Normalize Your Needs: Social Media

Why We Took a Pause from Social Media

Social media makes it so that at any given moment it’s likely you have 18 different conversations going on at the exact same time. Between WhatsApp and iMessage chats, Facebook groups, emails, and Instagram direct messages, our phones have made it more possible than ever before to find so many ways of connecting.

social media

But could there be such a thing as too much connection?

For a while, we were feeling overwhelmed by this idea and the belief that human connection, interaction, and relating are the core of what we practice. Because we live by our values outside of our session walls, we decided to take a break from social media to take care of ourselves and refocus our attention and resources to our in-person community.

Why We’re Back on Social Media

Similar to the process of becoming an Intuitive Eater where we let the pendulum swing from restriction to feeling out of control and then find an easy middle, we’re finding our way back to an aligned relationship with social media. You may find it beneficial to do the same for yourself. The break gave us the opportunity to reflect on our intention, and that is to provide valuable resources for the mental health community. Since many of our community members are Jewish, we thought Rosh Hashana, the Jewish New Year, would be a timely re entry back to social media. On the anniversary of the day the world was created, we’re reaffirming our commitment to create a world that does not:

  • Worship thinness and equate it to health and moral virtue
  • Promote weight loss as a means of attaining higher status
  • Demonize certain ways of eating while elevating others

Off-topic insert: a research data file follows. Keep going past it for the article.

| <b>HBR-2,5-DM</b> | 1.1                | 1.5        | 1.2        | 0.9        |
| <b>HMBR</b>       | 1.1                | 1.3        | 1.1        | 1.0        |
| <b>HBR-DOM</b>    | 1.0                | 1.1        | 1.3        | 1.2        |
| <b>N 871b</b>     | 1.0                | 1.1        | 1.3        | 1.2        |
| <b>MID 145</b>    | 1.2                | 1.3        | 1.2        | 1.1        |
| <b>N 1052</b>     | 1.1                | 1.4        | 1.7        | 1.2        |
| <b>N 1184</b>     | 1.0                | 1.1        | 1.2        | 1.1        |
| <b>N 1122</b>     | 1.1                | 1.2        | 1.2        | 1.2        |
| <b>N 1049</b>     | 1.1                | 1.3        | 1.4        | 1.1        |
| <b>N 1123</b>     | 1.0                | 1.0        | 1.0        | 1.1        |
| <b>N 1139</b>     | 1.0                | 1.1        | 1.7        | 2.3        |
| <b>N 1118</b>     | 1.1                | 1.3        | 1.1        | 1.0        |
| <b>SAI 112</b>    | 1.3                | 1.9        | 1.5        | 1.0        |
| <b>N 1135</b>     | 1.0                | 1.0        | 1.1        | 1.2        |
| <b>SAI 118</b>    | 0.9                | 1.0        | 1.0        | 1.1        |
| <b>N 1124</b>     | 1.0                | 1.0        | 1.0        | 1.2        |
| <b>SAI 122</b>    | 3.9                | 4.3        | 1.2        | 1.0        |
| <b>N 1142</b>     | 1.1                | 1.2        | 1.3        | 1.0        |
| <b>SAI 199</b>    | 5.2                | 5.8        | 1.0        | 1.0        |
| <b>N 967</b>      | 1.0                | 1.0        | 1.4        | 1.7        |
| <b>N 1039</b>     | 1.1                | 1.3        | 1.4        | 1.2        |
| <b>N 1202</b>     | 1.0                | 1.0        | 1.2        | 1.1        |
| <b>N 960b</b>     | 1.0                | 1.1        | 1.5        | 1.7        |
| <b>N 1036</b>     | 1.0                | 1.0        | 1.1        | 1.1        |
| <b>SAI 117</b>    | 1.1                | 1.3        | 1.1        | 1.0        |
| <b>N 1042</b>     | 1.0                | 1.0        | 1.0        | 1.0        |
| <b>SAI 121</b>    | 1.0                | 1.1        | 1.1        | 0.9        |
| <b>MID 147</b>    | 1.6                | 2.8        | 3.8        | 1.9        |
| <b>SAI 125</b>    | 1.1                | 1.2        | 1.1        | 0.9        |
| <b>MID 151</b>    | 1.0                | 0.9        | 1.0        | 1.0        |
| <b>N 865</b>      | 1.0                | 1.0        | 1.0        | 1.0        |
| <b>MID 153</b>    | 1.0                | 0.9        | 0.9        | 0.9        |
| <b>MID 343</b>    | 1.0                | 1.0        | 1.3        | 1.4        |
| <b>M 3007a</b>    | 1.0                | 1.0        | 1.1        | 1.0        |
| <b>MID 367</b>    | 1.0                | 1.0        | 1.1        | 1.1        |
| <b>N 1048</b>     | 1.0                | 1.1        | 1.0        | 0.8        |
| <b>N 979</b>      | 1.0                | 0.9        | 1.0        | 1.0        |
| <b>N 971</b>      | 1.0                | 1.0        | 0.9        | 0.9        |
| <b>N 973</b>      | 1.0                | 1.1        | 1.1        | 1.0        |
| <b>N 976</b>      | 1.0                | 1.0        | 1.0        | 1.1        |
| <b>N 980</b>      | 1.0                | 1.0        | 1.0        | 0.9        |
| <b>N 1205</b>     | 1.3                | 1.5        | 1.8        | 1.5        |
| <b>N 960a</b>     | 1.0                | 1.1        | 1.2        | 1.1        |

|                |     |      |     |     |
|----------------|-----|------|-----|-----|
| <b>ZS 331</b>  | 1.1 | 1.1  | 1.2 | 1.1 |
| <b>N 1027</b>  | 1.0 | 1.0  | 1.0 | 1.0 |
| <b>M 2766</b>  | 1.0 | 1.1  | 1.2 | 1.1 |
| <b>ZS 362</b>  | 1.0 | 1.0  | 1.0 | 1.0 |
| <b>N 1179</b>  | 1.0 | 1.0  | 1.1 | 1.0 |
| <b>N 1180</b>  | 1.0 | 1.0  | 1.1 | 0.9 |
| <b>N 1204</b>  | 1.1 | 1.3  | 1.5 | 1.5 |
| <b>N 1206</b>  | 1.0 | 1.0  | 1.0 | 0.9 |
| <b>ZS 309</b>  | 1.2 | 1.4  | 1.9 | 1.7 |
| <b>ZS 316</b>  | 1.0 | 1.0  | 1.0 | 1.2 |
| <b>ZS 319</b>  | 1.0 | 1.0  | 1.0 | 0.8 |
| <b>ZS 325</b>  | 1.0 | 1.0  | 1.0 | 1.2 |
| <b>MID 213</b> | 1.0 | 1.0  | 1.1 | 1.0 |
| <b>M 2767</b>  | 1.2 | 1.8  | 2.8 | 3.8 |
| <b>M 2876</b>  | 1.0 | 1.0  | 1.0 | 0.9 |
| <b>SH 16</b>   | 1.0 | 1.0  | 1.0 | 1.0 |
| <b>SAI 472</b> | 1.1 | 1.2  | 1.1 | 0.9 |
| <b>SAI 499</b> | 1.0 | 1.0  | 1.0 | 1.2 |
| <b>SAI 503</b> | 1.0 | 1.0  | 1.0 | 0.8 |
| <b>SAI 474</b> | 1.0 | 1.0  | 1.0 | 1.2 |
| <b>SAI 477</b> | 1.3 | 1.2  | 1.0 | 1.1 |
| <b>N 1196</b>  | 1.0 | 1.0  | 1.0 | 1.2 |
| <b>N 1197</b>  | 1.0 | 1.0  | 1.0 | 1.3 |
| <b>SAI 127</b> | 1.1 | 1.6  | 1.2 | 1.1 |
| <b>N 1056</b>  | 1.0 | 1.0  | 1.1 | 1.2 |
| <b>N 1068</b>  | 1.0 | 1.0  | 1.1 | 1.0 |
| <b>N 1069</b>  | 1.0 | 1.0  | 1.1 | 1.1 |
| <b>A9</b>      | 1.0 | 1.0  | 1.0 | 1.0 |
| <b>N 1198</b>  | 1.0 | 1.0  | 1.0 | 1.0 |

• Oppress people who don’t match up with it’s supposed picture of ‘health’

Christy Harrison

Normalize Your Needs: Fasting

Because the above message is intensely amplified through social media, be sure to curate the content you consume so that it aligns with your values. Unfollow accounts that catch you in comparison mode. Remember, this season is all about preparing you to be your best self which starts with making choices based in self love. Sometimes that means deviating from societal norms to do what’s in your best interest.

Which brings us to another consideration. Whether you are Jewish and celebrating Yom Kippur, or gentile and illusioned by the intermittent fasting trend, let’s pause to consider the implications of fasting. While many feel that fasting helps enhance spirituality and intensify focus on prayer and repentance, it can also bring on many triggering feelings for those who have a complicated relationship with food.

Fasting has a number of physical and mental side effects including:

  • Hunger and cravings
  • Headaches and lightheadedness
  • Digestive issues
  • Increased stress, anxiety, depression levels
  • Increased likelihood of overeating or binge eating
  • Irritability and other mood changes
  • Fatigue and low energy
  • Sleep disturbances
  • Risk of developing or aggravating an eating disorder

If you are someone who has a family member with an eating disorder, has perfectionistic tendencies, or an unstable mood, you should absolutely refrain from participating in fasting. In fact, for those with eating disorders, eating on Yom Kippur is considered a mitzvah, or a commandment. There are many alternatives to fasting that are still reflective ways of observing the holiday. This Yom Kippur, in lieu of asking for confessions of wrongdoing, consider what you are already doing and want to do more of. Incorporate a ritual to make each time you eat meaningful. 

Ultimately, these High Holy Days are about connecting with family and friends, and deciding what you want to write in your book of life for the coming year. That begins with making choices that best support your body and mind. If you would like professional support on your journey to a healthier relationship with food and your body, we’d invite you to contact us to learn how we can help.

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